In the amended complaint, plaintiffs claimed the sum of $1,600,000 from defendant Banco de Santander de Puerto Rico. At the close of plaintiffs' case, the Court granted defendant's motion for a direct verdict dismissing the action as to plaintiff Garaje Hispano. Therefore, it cannot be said that defendant stubbornly litigated said claim. The Court has also considered that defendant entered into settlement negotiations with the plaintiffs. Defendant *1446 first offered $150,000, and thereafter increased its offer to $215,000, in writing. The settlement negotiations, the Court finds, were engaged in good faith by both plaintiffs and defendant. Since no agreement was reached, the case was tried before a jury.

Defendant went to trial on the basis of defenses of lack of good faith, failure to mitigate damages, and fraud. Although defendant failed to establish plaintiffs' bad faith and involvement in fraudulent activity involving non-parties, it was certainly entitled to try to prove its defenses before the jury.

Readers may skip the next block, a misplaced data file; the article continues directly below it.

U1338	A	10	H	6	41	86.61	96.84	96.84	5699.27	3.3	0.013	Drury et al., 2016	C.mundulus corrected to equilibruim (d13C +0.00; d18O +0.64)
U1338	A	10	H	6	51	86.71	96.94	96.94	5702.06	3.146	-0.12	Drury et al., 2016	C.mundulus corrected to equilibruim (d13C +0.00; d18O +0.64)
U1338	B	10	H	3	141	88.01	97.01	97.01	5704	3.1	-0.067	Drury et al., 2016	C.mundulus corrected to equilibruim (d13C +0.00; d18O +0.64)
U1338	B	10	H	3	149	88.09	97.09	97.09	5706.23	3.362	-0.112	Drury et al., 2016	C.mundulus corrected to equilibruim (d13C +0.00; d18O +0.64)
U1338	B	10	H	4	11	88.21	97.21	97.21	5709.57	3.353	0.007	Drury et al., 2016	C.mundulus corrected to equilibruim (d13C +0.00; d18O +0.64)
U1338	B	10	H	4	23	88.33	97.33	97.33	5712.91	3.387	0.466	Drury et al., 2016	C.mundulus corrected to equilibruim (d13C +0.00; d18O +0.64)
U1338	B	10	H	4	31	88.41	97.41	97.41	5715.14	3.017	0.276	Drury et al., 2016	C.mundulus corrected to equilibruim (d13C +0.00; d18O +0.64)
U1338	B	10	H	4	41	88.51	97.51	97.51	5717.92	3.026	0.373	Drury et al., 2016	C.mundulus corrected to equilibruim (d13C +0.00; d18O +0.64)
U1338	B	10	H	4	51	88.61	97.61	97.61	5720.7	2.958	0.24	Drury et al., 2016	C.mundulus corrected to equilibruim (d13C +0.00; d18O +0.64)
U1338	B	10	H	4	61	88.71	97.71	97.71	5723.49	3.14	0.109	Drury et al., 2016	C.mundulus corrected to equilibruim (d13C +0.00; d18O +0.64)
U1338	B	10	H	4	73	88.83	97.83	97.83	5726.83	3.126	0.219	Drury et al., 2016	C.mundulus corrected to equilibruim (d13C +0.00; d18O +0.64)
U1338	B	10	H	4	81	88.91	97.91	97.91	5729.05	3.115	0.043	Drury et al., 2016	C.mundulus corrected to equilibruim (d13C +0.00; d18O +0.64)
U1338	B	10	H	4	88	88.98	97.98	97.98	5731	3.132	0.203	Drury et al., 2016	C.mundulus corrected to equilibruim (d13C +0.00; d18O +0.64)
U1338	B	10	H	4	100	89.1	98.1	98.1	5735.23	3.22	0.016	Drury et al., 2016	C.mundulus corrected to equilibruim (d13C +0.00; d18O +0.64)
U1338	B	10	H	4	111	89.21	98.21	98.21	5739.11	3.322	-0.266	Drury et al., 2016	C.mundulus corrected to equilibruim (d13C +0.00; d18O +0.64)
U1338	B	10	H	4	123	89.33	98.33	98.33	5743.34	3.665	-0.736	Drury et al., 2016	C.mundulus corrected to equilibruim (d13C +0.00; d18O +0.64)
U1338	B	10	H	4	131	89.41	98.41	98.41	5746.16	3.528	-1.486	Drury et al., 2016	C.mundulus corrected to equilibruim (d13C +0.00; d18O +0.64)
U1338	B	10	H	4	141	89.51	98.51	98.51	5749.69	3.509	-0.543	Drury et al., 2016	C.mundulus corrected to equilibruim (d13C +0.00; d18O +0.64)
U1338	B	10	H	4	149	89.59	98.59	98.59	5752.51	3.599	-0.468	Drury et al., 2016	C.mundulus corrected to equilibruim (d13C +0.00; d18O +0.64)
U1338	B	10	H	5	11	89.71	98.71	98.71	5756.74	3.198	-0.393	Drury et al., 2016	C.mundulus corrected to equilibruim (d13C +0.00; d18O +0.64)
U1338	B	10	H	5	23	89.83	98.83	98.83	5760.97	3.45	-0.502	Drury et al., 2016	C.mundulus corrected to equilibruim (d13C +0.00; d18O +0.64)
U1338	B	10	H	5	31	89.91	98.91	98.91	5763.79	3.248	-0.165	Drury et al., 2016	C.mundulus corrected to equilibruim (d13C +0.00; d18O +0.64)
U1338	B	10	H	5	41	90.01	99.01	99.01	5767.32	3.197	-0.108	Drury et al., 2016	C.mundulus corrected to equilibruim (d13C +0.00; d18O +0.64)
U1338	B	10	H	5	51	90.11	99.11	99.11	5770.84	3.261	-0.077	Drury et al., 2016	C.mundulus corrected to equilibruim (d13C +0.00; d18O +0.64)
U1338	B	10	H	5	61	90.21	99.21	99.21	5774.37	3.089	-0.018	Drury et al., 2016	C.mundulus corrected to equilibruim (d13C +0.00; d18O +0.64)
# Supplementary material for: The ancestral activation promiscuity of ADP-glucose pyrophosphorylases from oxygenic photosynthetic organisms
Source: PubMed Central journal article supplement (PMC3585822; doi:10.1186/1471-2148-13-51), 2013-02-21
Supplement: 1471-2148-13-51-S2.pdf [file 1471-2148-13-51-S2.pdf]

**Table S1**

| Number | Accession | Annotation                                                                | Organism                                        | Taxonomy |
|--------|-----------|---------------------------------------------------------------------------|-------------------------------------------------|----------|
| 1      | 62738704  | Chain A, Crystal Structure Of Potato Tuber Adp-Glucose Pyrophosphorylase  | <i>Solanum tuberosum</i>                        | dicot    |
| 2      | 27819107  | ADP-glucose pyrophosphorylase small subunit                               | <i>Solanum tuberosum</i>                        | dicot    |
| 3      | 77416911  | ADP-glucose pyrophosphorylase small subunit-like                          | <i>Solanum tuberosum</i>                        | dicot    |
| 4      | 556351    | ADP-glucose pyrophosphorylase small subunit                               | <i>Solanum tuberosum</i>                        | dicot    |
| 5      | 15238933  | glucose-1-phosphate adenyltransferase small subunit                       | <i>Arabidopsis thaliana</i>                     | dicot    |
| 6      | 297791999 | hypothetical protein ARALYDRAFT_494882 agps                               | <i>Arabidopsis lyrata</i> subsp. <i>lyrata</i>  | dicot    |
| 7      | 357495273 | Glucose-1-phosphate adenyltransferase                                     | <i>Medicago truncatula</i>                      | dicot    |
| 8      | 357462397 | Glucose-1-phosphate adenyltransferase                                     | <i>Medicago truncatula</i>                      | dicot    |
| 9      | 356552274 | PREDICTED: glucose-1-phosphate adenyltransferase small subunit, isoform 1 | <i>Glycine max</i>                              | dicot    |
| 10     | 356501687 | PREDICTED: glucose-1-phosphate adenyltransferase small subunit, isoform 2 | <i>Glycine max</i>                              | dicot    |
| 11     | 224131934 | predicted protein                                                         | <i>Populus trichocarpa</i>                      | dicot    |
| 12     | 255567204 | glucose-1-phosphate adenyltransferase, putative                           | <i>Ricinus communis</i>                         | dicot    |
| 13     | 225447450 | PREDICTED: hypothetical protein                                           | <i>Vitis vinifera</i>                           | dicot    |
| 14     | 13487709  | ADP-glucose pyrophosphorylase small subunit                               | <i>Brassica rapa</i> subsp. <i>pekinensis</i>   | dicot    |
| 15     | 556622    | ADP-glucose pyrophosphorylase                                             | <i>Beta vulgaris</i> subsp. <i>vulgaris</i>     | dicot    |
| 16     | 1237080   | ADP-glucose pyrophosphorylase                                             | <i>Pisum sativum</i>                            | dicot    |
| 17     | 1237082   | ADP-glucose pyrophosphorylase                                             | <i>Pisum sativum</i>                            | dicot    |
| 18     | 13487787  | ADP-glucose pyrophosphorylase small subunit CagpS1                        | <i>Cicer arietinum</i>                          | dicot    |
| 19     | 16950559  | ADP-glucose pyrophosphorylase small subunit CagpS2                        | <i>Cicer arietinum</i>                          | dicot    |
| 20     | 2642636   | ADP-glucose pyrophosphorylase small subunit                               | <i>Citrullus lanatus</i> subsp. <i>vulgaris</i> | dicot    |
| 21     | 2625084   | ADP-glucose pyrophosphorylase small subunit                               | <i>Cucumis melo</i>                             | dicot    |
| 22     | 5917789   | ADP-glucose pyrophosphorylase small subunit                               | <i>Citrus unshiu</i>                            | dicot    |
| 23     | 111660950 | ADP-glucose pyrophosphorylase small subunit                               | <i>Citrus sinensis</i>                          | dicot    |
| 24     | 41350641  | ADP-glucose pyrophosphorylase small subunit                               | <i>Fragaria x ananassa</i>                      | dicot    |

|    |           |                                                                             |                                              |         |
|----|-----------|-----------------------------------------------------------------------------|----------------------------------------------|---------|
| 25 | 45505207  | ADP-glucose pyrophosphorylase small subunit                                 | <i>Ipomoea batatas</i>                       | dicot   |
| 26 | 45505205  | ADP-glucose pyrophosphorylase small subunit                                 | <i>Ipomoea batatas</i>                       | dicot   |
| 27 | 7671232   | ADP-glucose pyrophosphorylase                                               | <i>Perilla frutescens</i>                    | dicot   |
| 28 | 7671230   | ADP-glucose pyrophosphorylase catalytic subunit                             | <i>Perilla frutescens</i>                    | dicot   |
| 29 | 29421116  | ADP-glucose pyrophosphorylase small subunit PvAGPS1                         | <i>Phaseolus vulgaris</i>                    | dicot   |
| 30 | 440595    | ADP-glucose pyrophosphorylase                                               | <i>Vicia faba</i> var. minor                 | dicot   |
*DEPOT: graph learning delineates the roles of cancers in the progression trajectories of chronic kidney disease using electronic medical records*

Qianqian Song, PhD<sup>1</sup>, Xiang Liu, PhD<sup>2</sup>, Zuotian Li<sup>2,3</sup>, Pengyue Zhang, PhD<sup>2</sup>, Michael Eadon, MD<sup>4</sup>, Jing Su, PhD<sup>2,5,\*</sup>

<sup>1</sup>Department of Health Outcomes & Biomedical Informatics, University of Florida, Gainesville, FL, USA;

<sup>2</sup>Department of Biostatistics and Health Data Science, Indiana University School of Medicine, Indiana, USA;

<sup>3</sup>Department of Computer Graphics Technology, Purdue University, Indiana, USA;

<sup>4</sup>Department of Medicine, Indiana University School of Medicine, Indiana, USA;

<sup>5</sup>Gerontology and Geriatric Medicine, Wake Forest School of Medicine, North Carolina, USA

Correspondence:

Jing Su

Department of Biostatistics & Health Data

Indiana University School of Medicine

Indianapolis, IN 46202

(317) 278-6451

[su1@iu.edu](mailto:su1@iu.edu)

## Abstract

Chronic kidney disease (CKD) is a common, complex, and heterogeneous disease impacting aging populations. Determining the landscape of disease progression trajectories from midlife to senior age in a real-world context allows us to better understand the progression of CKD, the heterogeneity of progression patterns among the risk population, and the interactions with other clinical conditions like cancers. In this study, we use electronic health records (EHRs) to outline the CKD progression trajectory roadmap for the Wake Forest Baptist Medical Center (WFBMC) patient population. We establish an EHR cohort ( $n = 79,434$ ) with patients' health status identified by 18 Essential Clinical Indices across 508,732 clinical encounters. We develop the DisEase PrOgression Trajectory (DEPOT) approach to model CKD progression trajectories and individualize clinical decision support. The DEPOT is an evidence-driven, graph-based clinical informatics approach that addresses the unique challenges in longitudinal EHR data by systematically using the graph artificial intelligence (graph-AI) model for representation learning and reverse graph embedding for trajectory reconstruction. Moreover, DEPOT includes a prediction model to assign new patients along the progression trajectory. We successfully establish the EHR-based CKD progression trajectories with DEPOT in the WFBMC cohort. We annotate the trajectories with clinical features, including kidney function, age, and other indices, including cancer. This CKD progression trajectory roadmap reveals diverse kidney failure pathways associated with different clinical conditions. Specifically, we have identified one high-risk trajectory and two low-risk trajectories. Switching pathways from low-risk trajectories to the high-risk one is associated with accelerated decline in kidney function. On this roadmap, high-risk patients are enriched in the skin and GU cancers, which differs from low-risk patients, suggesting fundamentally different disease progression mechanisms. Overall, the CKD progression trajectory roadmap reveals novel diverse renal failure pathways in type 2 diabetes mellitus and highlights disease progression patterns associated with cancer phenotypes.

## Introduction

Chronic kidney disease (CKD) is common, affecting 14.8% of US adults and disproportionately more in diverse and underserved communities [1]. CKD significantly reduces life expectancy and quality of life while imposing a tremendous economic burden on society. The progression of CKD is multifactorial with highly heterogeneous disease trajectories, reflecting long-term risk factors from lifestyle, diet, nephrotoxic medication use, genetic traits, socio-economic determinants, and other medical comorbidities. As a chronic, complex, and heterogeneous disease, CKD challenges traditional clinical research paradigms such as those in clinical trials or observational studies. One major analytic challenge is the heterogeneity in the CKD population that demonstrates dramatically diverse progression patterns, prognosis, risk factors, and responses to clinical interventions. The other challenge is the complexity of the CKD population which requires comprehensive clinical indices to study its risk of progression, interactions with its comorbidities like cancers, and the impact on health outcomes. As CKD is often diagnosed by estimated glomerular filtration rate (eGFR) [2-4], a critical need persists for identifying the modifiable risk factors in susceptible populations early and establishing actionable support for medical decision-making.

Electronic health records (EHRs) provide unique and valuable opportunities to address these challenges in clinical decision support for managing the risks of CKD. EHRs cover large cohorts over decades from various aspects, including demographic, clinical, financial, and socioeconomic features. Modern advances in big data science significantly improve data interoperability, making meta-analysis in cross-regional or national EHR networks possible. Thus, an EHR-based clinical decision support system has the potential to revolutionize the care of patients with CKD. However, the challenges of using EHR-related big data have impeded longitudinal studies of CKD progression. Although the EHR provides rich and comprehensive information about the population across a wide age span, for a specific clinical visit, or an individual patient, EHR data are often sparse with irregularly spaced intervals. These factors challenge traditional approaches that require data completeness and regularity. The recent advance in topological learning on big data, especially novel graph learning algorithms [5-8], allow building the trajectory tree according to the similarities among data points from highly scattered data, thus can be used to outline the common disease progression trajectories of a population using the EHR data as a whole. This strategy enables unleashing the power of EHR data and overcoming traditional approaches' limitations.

Attorneys for the plaintiffs were indeed competent, well prepared, and tried the case on the proper theory. The fact that the fruit of their labor was highly successful does not mean that defendant was obstinate.[1] The Puerto Rico rule on obstinacy was not designed as a premium to successful litigants, but rather as a penalty to be imposed on those litigants whose conduct in pursuing a course of action borders on unreasonable pertinaciousness. The Court holds that defendant was not obstinate. Therefore, it does not have to reach the prejudgment interest provisions of Rule 44.3(b) of the Puerto Rico Rules of Civil Procedure applicable to obstinate parties.

Plaintiffs rely on 28 U.S.C. § 1927[2] as further ground for the imposition of attorneys fees. The proceedings in this case were kept streamlined, simple, and within the normal bounds of litigation. The foregoing conclusion, based on the record and on the observation of the undersigned, who presided at trial, makes 28 U.S.C. § 1927 inapplicable in this case.

Lastly, plaintiffs claim interest from defendants as provided in Section 1656 of Title 10 of L.P.R.A. The referenced Section, which is Article 234 of the Commercial Code, provides in its pertinent part:

 
"Interest on delay
 
Debtors who delay the payment of their debts after the same have fallen due, must pay, from the day following that on which it became due, the interest agreed upon in such case, or in the absence of such agreement, the legal interest...."